- Dow Jones Industrial Average (DJIA)
- Understanding the Dow Jones Industrial Average (DJIA)
- The Dow Divisor and Index computation
- Dow Index Components
Dow Jones Industrial Average (DJIA)
The Dow Jones Industrial Average (DJIA), also known as the Dow 30, is a stock request Index that tracks 30 larges, intimately-possessed blue-chip companies trading on the New York Stock Exchange (NYSE) and Nasdaq. The Dow Jones is named after Charles Dow, who created the Indexes in 1896 along with his business mate Edward Jones.
- The Dow Jones Industrial Average is an extensively- watched standard Indexes in the U.S. for blue-chip stocks.
- The DJIA is a price-ladened Index that tracks 30 larges, intimately-possessed companies trading on the New York Stock Exchange and the Nasdaq.
- The Indexes were created by Charles Dow in 1896 to serve as a deputy for the broader U.S. frugality.
- The DJIA’s composition can change over time grounded on profitable trends.
- The Dow Divisor is a constant that was created to address the simple average issue.
Understanding the Dow Jones Industrial Average (DJIA)
The DJIA is the alternate-oldest U.S. request Index; the first was the Dow Jones Transportation Average (DJTA). The DJIA was designed to serve as a deputy for the health of the broader U.S. frugality. frequently appertained to simply as the Dow, the DJIA is one of the most-watched stock request Indexes in the world. While the Dow includes a range of companies, all can be described as blue-chip companies with constantly stable earnings. When the Indexes originally launched in 1896, it included only 12 companies. Those companies were primarily in the artificial sector, including roads, cotton, gas, sugar, tobacco, and oil painting. In the early 20th century, the performance of artificial companies was generally tied to the overall growth rate in frugality. That cemented the relationship between the Dow’s performance and the overall frugality. Indeed moment, for numerous investors, a strong-performing Dow equals a strong frugality (while a weak-performing Dow indicates a decelerating frugality). As the frugality changes over time, so does the composition of the Indexes. An element of the Dow may be dropped when a company becomes less applicable to current trends of frugality, to be replaced by a new name that more reflects the shift. A company that loses a large chance of its request capitalization due to fiscal torture might be removed from the Dow. request capitalization is a system of measuring the value of a company by multiplying the number of shares outstanding by its stock price. Stocks with advanced share prices are given lesser weight in the Indexes. So, an advanced chance moves in an advanced-priced element will have a lesser impact on the final advised value. At the Dow’s commencement, Charles Dow calculated the average by adding the prices of the twelve Dow element stocks and dividing by twelve. The result was a simple normal. Over time, there have been additions and deductions to the Indexes, similar to combinations and stock splits that had to be reckoned for. At that point, a simple mean computation no longer made sense.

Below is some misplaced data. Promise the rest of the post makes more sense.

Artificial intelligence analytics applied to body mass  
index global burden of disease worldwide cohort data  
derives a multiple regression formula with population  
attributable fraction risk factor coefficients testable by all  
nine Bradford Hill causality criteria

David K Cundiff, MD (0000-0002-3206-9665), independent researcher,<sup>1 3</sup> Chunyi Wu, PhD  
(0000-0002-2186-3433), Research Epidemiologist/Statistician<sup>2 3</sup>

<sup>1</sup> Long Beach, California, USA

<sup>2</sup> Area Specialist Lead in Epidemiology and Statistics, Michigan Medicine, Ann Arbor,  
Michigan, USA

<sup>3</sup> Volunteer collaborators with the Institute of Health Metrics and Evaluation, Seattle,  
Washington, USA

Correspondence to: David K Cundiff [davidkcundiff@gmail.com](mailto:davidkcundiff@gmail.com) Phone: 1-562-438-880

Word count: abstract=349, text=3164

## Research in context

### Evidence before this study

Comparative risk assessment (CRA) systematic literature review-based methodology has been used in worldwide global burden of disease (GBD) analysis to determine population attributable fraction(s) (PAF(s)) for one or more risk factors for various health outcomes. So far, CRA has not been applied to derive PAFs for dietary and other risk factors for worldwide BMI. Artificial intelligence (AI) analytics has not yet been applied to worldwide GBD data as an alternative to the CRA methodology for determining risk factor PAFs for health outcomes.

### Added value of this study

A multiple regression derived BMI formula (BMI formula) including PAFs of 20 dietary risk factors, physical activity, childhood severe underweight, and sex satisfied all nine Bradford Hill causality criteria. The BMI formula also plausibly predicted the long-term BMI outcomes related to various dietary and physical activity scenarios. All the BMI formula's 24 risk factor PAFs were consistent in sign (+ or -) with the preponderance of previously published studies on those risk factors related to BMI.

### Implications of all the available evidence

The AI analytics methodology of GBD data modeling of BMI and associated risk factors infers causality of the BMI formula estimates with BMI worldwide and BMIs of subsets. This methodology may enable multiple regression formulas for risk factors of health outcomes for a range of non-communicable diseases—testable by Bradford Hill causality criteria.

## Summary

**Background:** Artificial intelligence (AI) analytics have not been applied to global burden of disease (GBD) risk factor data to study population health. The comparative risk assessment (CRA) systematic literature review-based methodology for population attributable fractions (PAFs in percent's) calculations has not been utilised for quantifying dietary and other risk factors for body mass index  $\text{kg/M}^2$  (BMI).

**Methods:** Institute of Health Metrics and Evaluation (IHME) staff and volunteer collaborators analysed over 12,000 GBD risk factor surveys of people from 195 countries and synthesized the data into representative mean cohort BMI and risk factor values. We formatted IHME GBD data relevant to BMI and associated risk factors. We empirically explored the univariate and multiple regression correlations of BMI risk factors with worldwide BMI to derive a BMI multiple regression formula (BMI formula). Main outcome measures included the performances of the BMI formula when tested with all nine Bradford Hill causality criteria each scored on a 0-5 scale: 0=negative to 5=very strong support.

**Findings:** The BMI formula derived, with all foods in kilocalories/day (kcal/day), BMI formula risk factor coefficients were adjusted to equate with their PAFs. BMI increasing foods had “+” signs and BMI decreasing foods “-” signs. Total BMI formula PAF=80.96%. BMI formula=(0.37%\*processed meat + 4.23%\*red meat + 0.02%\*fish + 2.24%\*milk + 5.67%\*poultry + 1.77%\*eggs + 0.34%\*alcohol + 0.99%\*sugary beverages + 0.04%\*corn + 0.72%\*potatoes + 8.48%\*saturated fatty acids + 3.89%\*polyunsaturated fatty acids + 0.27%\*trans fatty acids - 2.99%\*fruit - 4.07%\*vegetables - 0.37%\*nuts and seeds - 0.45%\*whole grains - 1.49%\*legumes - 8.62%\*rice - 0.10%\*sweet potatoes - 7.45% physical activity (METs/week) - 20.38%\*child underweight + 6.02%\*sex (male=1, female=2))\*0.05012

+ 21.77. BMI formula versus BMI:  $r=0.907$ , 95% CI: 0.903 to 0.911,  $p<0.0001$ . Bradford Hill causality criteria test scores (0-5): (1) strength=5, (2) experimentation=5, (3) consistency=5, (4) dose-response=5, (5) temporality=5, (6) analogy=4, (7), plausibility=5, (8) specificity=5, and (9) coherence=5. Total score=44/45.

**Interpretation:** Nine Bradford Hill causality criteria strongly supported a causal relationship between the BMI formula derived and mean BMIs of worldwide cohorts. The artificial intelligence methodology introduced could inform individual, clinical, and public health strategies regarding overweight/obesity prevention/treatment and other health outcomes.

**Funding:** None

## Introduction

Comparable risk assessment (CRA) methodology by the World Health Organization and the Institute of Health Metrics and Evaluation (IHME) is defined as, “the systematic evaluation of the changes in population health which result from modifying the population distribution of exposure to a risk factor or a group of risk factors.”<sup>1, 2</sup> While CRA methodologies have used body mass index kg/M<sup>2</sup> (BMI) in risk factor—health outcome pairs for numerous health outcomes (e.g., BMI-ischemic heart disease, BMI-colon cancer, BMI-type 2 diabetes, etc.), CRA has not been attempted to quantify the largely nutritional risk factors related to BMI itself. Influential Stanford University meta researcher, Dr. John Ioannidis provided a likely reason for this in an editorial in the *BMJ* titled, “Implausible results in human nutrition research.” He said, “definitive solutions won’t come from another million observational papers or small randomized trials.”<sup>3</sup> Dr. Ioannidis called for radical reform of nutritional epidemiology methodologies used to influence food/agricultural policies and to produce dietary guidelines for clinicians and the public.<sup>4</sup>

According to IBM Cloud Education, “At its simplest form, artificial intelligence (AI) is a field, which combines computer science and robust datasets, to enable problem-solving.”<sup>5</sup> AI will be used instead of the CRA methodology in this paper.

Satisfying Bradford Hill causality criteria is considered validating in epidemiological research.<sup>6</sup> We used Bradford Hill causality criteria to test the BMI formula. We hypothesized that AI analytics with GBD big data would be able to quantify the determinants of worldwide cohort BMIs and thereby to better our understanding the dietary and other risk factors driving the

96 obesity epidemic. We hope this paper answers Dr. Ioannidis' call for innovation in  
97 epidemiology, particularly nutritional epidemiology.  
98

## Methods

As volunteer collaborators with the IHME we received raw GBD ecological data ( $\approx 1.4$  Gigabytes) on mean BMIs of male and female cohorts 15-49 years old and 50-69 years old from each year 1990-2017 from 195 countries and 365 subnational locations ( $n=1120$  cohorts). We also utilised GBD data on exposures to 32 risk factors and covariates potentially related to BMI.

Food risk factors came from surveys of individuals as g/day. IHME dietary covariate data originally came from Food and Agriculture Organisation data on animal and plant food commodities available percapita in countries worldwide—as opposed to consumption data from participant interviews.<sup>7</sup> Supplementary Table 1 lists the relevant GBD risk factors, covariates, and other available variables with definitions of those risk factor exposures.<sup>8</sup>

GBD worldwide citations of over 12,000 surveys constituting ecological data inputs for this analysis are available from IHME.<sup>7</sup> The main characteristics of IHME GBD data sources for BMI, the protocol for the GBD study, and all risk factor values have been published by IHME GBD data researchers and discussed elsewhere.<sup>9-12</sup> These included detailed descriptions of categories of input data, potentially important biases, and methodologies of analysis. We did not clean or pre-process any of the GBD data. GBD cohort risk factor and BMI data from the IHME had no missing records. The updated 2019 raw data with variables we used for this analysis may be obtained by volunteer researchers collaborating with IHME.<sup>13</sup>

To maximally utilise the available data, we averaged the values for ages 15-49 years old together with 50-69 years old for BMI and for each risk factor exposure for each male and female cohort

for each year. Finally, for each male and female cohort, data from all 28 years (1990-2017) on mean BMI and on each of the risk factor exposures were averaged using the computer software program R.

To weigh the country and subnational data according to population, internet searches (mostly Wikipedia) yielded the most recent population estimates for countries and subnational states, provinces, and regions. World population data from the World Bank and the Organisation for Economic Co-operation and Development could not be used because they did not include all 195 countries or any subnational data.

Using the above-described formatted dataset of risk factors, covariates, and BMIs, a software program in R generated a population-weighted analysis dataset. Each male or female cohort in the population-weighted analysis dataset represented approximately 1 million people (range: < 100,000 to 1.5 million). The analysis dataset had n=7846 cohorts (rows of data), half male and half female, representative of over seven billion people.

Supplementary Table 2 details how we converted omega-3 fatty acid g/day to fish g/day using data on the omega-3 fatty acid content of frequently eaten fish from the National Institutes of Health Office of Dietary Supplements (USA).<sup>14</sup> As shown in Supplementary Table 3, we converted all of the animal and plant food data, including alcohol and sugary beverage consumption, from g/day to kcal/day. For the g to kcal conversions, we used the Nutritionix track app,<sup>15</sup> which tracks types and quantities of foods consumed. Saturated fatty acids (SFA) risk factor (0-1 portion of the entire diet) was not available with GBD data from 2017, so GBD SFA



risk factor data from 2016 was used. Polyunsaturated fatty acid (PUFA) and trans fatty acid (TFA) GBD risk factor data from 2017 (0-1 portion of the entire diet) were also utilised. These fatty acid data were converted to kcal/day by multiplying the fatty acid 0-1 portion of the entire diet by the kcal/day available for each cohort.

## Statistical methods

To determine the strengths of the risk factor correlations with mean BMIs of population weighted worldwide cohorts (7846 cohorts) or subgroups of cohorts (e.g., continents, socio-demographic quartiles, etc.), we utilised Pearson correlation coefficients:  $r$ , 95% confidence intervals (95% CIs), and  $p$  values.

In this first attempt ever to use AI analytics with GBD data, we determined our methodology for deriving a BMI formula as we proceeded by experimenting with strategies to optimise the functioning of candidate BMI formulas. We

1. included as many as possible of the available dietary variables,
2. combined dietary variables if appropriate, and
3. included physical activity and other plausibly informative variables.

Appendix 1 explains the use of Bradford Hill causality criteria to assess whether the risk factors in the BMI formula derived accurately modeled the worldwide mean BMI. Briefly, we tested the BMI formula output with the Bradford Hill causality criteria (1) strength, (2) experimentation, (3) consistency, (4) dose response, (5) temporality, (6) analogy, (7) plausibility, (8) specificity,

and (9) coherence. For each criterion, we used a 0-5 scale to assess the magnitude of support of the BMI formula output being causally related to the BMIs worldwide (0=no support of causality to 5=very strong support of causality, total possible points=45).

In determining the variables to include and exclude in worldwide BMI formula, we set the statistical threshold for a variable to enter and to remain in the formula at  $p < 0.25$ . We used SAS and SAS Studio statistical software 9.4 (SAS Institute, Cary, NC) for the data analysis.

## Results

The Dow Divisor and Index computation
The Dow Divisor was created to address the simple average issue. The divisor is a destined constant that’s used to determine the effect of a one-point move in any of the roughly 30 stocks that comprise the Dow. There have been cases when the divisor demanded to be changed so that the value of the Dow stayed harmonious. As of 2022, the Dow Divisor was 0.15172752595384. The Dow isn’t calculated using a weighted computation normal and it doesn’t represent its element companies’ request capitalization (unlike the S&P 500). Rather, it reflects the sum of the price of one share of stock for all the factors, divided by the divisor. therefore, a one-point move in any of the element stocks will move the Indexes by an identical number of points.
Dow Index Components
The Dow is frequently re-evaluated to replace companies that no longer meet the listing criteria with those that do. By 1928, the Indexes grew to 30 factors. Its composition has changed numerous times since then. The first change came just three months after the 30- element Indexes were launched. In its first many times until roughly the Great Depression, there were multitudinous changes to its factors. The first large-scale change was in 1932 when eight stocks in the Dow were replaced.